What is Style Investing?
Style investing is an investment approach in which stocks are categorized according to different style attributes, typically growth and value. Many style-based approaches further segment stocks according to market capitalization (large-, mid-, or small-cap). Style investing is based on the belief that certain identifiable categories of stocks do well over time but do not necessarily do well at the same time. For example, growth stocks beat value stocks during some periods, with the converse also being true. Whether rooted in fundamental market views or on technical analysis, tactical allocation among the various styles and sizes is emphasized as the key to achieving successful performance. It can be an effective way for investors to express their long- and short-term market views.
What is the Traditional Style Approach?
Traditionally, most style indices are constructed using all the stocks in the corresponding parent index universe, identifying them as either growth or value using multiple factors and weighting them by market cap into the respective index. However, this method results in a group of stocks that has no definitive style characteristic. These stocks are regularly included in both style indices, resulting in “style overlap” between the growth and value indices, which may keep the stocks from fully participating in style performance.
For example, the S&P 500® Growth Index and S&P 500® Value Index are traditional style indices often used as a benchmark by many actively managed mutual funds and passive ETFs. These indices are comprised of the holdings in the S&P 500®. A third (1/3) of the stocks are identified as growth and a third (1/3) are identified as value and are included in their respective style index. The remaining 34% of the stocks are ambiguous in style and are shared by both the S&P 500 Growth and the S&P 500 Value indices.
Below is an example of how these blend stocks overlap between the two indices.
Source: Bloomberg, data as of 3.31.2016. Subject to change on a daily basis. The securities mentioned are provided for illustrative purposes only and should not be deemed as a recommendation to buy or sell.
How Is Pure Style Different?
For the purists who want more narrowly defined style indices that could deliver truer style performance, S&P introduced a series of Pure Style indices. Employing a more robust definition of style and with improved discriminatory power to differentiate between growth and value, the Pure Style indices include only stocks with pure growth and pure value characteristics. There are no overlapping stocks and, since stocks are weighted in proportion to their relative style attractiveness, the Pure Style indices avoid the size bias caused by market cap weighting.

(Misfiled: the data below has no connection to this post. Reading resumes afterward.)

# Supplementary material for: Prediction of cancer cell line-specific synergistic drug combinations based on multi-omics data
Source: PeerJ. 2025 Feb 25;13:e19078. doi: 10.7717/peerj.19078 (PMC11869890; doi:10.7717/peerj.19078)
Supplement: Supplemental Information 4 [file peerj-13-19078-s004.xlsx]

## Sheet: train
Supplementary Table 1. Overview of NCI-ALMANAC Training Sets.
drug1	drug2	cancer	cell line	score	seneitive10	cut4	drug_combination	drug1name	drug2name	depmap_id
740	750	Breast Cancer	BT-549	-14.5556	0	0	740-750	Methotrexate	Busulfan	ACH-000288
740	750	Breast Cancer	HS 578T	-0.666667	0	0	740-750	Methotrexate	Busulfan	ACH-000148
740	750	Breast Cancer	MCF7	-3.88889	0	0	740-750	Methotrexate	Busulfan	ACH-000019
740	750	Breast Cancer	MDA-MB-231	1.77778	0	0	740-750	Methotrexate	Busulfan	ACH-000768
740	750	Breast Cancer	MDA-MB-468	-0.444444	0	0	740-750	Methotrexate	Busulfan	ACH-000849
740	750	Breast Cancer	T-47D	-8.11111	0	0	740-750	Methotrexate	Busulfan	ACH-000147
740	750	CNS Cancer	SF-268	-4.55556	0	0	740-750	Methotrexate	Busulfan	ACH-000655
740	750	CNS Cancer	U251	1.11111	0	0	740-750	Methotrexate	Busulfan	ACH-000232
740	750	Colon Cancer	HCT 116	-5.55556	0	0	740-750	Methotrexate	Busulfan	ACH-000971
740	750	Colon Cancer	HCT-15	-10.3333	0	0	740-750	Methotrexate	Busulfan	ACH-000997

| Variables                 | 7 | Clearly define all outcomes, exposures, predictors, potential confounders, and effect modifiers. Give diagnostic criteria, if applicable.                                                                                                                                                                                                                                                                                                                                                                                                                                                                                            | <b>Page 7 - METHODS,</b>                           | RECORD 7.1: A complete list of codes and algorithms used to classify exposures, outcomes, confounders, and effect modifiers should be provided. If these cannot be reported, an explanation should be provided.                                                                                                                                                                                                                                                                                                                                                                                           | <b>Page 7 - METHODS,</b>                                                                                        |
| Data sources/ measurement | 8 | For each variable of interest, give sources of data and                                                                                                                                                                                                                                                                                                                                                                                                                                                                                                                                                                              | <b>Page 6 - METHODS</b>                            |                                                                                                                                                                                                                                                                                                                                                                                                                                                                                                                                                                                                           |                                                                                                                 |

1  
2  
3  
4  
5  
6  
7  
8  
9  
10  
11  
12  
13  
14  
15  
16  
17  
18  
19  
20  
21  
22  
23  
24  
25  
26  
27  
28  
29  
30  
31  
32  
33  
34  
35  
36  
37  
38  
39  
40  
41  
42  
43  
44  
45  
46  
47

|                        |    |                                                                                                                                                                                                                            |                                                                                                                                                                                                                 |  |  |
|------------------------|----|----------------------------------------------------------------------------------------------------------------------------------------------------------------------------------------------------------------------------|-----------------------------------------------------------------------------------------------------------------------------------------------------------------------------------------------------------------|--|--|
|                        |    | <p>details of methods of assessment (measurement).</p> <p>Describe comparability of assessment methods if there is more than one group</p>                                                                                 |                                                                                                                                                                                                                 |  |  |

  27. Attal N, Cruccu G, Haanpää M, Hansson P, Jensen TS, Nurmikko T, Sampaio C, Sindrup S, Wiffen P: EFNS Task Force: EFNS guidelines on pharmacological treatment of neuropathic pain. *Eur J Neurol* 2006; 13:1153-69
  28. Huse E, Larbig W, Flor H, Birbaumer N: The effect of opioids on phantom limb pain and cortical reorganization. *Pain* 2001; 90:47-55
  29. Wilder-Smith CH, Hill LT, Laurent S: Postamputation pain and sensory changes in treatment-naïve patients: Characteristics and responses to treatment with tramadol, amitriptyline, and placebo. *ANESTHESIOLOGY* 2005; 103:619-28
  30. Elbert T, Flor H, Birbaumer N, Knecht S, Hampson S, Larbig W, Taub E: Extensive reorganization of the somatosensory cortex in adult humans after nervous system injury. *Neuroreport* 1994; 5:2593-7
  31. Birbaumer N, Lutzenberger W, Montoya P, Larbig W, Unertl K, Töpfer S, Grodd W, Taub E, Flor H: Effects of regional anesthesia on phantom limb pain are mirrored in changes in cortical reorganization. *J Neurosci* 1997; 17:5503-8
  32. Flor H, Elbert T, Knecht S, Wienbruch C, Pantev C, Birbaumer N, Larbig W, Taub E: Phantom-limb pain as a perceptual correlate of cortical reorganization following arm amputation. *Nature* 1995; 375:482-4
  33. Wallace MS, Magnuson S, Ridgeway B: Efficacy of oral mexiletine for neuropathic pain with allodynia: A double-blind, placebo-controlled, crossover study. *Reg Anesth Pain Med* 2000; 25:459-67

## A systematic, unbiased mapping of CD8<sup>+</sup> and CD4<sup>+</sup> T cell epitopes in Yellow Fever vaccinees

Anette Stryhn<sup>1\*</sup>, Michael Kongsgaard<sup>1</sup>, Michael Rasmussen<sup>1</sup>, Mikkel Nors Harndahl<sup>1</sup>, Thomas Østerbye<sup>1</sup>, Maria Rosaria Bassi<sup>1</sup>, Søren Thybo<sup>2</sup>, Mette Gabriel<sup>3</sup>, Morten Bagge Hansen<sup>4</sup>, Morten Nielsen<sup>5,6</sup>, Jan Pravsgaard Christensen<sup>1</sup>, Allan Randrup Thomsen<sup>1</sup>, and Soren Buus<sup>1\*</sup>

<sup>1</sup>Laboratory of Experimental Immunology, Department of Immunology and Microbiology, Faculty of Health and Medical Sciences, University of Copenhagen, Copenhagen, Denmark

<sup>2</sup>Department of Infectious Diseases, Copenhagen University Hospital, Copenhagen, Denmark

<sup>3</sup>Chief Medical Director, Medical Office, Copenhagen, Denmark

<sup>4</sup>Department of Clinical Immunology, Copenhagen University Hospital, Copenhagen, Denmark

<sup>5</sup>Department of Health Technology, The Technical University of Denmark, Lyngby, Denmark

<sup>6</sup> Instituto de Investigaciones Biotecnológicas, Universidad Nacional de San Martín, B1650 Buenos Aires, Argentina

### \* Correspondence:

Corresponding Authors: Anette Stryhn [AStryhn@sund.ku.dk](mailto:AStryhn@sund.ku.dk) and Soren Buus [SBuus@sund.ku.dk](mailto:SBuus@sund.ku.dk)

The S&P 500® Pure Value Index and the S&P 500® Pure Growth Index are the Pure Style indices comprised of the holdings in the S&P 500® Index. They are structured by identifying a third (1/3) of the market capitalization of the parent index as pure growth, and a third (1/3) as pure value. The remaining 34% of stocks–those that are neither purely growth nor purely value–are excluded from the indices and there are no overlapping holdings.
For those investors who want to take a position in the value and/or growth segments of the equity market, the pure style approach may be effective in isolating specific style factors. It may provide greater style purity per dollar invested and potentially deliver outperformance over the watered-down traditional style benchmarks.
What is Guggenheim S&P Pure Style ETFs Index Methodology?
While some traditional style methodologies do not exclude undefined or blend stocks, Guggenheim Pure Style ETFs include only stocks with the strongest style attributes, which weights by style score rather than by market cap. This approach provides exact exposure to value and growth—eliminating undefined or blend stocks from portfolios.
Below is an example of how the benchmark indices for the Guggenheim S&P 500® Pure Style Growth and S&P 500® Pure Style Value indices are constructed. The same process is followed for the S&P 400® and S&P 600® Pure Style indices.
Book Value to Price ratio is the book value per share of a stock divided by its market price. Earnings to Price ratio is the annual earnings per share of a stock divided by its market price. Sales to Price ratio is the trailing 12-month's sales per share of a stock divided by its market price. Three-Year Change in Earnings per Share over Price per Share is the change in earnings per share for the last three years of a stock divided by its market price. Three-Year Sales per Share Growth Rate is the growth of sales per share of a stock over the last three years.